Today, we hear from a paid Republican blogger who comments on Dr. Paul Krugman’s blog: “Conscience of a Liberal.” This clown is one of several obviously paid bloggers who seem to be on the blog almost daily spouting ridiculous comments, distracting references, insults, pathetic attempts at ridicule—and in all cases comments intending merely to disrupt the flow of the Krugman blog.
Because the Krugman blog is by far the largest and most powerful economic blog on the Internet, it is not surprising that the Neocon response machine should send out these voluble but ignorant bloggers–there are actually several–to try to distract from the issues. Neocons don’t like truth in economics or politics to surface without at least an attempt at some confusion.
But this piece, this one little blog comment tells it all. This is what he (or she ) says on November 18, 2010 in a blog about social transfers in society and their relevance to the European consumption tax system. Europe is pretty universal in having the VAT or consumption tax. The comment tells us more about the Republicans themselves than it does about the subject on which it commented.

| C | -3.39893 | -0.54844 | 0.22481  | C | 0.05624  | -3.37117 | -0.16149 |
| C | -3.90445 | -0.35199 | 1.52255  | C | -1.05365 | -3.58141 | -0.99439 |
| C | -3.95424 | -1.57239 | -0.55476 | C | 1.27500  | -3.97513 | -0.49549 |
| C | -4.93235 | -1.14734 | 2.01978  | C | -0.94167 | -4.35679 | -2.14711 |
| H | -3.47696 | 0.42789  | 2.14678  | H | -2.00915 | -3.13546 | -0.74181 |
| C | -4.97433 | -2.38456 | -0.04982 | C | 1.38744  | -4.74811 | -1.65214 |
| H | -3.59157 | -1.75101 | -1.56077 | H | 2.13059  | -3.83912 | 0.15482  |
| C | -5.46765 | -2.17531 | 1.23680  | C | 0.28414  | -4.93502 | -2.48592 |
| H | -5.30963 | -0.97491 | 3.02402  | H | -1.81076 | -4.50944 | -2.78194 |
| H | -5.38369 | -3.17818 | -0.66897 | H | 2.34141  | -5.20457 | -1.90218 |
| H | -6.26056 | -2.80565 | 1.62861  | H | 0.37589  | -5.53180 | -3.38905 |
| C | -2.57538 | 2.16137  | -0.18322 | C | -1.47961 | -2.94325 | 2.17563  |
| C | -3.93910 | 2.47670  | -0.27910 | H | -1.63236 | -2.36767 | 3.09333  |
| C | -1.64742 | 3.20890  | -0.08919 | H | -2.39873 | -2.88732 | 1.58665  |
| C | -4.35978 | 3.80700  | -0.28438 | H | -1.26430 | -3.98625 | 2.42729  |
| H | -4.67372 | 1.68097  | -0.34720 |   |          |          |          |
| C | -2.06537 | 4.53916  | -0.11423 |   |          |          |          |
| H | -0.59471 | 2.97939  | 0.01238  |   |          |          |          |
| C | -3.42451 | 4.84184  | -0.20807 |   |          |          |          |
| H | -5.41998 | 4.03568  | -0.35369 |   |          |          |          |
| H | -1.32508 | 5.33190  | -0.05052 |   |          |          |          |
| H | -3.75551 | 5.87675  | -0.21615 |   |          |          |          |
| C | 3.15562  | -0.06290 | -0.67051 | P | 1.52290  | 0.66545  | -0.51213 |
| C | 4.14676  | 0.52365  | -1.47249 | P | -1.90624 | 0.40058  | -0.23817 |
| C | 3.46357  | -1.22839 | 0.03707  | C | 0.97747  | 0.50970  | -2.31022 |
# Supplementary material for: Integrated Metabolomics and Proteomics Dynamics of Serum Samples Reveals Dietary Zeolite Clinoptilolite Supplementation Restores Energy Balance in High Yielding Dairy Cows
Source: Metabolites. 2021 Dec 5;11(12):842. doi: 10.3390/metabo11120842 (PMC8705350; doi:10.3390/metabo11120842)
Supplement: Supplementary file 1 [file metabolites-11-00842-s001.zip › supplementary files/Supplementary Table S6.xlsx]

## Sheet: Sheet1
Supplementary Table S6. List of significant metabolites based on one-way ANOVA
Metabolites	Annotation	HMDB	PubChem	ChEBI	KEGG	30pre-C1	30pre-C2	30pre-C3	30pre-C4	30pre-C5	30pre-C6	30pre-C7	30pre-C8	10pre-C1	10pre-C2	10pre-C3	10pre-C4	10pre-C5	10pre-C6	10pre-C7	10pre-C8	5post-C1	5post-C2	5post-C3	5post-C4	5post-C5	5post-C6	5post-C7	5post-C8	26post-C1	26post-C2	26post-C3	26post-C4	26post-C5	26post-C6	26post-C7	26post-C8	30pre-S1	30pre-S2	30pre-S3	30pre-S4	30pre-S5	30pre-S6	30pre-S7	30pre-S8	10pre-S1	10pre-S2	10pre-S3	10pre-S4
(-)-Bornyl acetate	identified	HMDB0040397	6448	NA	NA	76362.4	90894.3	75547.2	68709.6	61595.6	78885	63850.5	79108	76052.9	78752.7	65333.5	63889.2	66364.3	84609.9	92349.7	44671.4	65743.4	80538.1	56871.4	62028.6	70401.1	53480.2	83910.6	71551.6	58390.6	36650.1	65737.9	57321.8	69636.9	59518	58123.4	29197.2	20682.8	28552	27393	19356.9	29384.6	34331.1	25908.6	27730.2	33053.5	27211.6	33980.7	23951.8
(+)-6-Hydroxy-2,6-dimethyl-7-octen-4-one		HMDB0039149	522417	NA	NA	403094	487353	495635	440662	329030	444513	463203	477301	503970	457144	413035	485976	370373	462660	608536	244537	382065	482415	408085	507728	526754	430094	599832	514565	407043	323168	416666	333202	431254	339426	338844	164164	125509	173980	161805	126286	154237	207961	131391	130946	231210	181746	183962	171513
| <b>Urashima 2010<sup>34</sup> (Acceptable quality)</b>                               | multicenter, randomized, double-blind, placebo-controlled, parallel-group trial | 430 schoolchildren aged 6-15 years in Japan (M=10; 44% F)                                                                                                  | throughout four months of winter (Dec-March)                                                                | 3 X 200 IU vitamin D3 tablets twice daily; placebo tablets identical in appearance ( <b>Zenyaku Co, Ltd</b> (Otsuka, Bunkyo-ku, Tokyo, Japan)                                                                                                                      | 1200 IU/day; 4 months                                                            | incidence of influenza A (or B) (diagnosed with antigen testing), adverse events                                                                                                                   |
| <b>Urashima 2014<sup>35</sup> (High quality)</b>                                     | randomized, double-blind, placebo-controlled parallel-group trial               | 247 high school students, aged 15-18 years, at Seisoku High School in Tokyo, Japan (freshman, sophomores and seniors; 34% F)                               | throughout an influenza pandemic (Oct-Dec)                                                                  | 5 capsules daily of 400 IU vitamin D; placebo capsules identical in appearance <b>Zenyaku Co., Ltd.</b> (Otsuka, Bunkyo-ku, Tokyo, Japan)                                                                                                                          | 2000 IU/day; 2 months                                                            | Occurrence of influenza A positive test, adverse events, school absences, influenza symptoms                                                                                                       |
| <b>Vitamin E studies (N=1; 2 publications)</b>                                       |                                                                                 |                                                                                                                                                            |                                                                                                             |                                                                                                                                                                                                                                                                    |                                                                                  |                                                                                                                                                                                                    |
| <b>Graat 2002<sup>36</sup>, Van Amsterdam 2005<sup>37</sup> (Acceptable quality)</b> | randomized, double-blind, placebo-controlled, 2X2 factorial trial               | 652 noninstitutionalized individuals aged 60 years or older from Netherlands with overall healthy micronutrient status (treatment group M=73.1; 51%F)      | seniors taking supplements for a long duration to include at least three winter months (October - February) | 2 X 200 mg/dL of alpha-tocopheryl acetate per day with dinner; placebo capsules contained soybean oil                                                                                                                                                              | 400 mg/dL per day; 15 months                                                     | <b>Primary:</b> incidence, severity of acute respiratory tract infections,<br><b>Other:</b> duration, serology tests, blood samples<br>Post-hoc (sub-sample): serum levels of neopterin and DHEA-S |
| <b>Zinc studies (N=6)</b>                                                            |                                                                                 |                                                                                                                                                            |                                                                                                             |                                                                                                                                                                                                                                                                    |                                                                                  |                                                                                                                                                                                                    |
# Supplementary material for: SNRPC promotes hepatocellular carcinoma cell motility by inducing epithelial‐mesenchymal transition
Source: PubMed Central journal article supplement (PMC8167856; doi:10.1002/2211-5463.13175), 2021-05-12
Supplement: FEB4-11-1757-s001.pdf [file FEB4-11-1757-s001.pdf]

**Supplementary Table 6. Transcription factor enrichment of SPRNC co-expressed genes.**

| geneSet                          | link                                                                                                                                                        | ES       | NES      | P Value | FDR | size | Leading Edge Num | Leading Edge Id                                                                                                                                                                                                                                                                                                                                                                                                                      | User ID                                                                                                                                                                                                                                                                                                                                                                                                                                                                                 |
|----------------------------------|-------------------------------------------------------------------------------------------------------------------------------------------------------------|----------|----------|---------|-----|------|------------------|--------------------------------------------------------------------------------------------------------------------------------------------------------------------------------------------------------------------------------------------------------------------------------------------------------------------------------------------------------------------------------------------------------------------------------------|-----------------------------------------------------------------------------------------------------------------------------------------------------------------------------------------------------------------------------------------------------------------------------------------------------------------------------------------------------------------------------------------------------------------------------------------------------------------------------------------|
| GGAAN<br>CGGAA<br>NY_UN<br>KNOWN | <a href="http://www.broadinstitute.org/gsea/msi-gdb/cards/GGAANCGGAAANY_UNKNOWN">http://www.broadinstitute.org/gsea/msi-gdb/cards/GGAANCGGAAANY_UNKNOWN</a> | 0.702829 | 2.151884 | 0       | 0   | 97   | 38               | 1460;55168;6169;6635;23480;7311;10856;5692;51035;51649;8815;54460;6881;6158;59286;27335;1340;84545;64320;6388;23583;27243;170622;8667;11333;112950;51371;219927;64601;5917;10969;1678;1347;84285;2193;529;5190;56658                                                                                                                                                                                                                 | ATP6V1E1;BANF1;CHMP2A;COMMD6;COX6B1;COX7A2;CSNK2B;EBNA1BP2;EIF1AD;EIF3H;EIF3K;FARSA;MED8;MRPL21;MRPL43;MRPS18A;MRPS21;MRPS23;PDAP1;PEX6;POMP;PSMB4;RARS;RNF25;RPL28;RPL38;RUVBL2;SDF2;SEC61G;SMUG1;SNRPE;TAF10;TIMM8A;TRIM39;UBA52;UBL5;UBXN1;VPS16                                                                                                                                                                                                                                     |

Here is the blog comment:
“None of this changes the fact that when you transfer resources from market control to political control, you lower the performance of the economy overall.
Markets are dynamic. Markets are innovative. Markets are efficient. Markets are disciplined. And markets are not corruptible,
Governments are static. Governments are anti-innovation. Governments are inefficient. Governments are undisciplined. And government is intrinsically corruptible,”